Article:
Immersive Writing Lab at the London Transmedia Festival
October 30th, 2012
On Friday the 26th of October, I attended Portal Entertainment‘s Immersive Writing Lab at Ravensbourne College in Greenwich. Part of the London Transmedia Festival, this event was split over two days – a conference on Friday and a more hands-on workshop on Saturday. This is the second year of the event, which also marks the launch of a three-month writing competition.
Transmedia can be a controversial word, but it was embraced by the Lab, which explored the value of ‘immersive entertainment’ – stories told across more than one medium, playing with the boundaries of the real world, and often requiring participation from the audience. The hows and whys of interactive storytelling is certainly a hot topic, and unsurprisingly, the room was full.
As we’ve discussed on this site at length, participation in itself is not a new idea, but original ideas and techniques are being catalysed by technology. However, much more than technology, Friday was about audiences – even psychology. Participatory new story experiences must start with an audience willing to embrace their new role and responsibility. Former consumers are being empowered as creators.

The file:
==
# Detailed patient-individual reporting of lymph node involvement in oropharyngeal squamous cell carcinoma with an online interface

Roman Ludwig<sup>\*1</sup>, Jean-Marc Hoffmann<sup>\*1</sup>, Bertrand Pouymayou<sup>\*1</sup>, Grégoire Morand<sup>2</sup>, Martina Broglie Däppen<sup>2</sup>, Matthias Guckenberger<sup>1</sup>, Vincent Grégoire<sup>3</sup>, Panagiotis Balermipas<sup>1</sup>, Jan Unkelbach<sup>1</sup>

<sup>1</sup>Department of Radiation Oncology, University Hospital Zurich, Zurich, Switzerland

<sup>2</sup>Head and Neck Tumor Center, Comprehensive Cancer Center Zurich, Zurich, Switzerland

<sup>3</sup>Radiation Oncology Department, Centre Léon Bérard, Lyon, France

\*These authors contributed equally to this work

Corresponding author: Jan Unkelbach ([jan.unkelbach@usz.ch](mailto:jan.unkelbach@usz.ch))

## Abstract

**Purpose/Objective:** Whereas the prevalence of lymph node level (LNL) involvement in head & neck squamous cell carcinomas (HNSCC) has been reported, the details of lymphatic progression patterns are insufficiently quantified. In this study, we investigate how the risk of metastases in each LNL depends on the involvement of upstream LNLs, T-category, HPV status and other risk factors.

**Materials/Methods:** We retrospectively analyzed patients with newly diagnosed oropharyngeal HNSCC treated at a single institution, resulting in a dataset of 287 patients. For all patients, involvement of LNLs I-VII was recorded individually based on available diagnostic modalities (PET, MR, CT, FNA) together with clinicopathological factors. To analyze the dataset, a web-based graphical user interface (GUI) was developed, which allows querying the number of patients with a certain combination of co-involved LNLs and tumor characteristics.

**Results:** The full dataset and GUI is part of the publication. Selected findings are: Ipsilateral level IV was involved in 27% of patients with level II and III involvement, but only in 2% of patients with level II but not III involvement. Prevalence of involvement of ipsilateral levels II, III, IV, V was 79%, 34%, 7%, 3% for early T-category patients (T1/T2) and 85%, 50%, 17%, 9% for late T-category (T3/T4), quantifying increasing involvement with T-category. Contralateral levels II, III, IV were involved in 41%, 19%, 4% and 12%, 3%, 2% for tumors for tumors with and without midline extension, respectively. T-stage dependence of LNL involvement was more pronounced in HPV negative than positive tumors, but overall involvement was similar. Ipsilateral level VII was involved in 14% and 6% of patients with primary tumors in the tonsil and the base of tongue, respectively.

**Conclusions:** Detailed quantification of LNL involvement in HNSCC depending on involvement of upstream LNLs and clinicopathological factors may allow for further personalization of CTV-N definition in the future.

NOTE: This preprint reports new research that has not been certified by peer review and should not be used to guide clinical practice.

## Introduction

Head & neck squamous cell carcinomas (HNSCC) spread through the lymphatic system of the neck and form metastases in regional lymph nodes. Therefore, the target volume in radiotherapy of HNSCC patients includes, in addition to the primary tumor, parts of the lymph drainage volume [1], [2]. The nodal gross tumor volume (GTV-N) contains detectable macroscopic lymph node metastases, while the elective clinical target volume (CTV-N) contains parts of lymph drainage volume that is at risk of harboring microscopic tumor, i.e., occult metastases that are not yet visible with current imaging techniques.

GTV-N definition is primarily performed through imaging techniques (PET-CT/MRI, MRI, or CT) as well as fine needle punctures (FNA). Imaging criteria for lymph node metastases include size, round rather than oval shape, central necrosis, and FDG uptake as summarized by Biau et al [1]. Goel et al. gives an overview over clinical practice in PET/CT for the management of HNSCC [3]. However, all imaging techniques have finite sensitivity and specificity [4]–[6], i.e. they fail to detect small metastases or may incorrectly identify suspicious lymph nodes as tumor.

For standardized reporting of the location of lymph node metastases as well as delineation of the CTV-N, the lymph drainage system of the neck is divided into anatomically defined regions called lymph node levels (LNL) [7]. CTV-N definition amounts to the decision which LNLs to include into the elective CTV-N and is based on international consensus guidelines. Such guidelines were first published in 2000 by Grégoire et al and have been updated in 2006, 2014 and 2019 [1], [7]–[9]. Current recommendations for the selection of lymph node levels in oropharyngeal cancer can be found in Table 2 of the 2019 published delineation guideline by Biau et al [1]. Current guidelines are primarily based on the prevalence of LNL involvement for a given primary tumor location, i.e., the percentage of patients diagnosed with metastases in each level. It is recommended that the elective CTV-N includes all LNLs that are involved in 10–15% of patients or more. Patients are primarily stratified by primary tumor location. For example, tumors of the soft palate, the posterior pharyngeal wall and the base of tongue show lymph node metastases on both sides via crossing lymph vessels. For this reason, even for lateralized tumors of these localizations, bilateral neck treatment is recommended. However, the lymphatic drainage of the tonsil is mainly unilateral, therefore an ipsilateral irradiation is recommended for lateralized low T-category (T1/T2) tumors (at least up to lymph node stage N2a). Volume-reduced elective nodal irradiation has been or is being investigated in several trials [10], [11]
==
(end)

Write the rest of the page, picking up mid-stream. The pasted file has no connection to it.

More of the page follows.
Mike Jones, Portal’s “Head of Story”, delivered a talk from Sydney. Despite the tortuous Skype connection and numerous false starts, the value of what he had to say was undiminished. Practical advice on writing ‘transmedia’ experiences is still thin on the ground, and (when we were able to hear him) the room eagerly devoured his tips.
Mike explained that writing for multimedia is difficult because there is no discipline or convention yet, because of the convolution of structures and forms the media bring, and because the writing process often feels messy, incoherent & unsatisfying compared to more conventional writing. However, audience expectations are changing, Mike said. They expect the story to be bigger than the platform, with multiple points of entry. For those familiar with writing and reading stories in digital ways, interaction is increasingly the norm.
Mike has devised some key principles of writing for transmedia:
1: World first, then plot. “Create a vibrant pressure-cooker world, full of natural dramatic oppositional forces,” said Mike.
2: Everything that mattered, still matters. Action, tension, drama, etc. It is all relevant for new platforms.
3: First person, present tense. Test the immersiveness of your story by putting it into present tense.
4. Role-play. Give your audience an active and meaningful role in the story. A good interactive role has motivation, action and reward. Compel your audience to interact, don’t assume they want to.
5. Interactive, online & multiplatform is episodic storytelling. Think about when dramatic questions are asked and when & where (on which platform) are they answered? (I liked Mike’s observation here that “We are creatures of worry” – in stories, we enjoy these anxieties and dilemmas.)
Mike emphasised the need to build on the similar, and discover the different and new – don’t focus or start from the aspects which make your story different from a traditional one.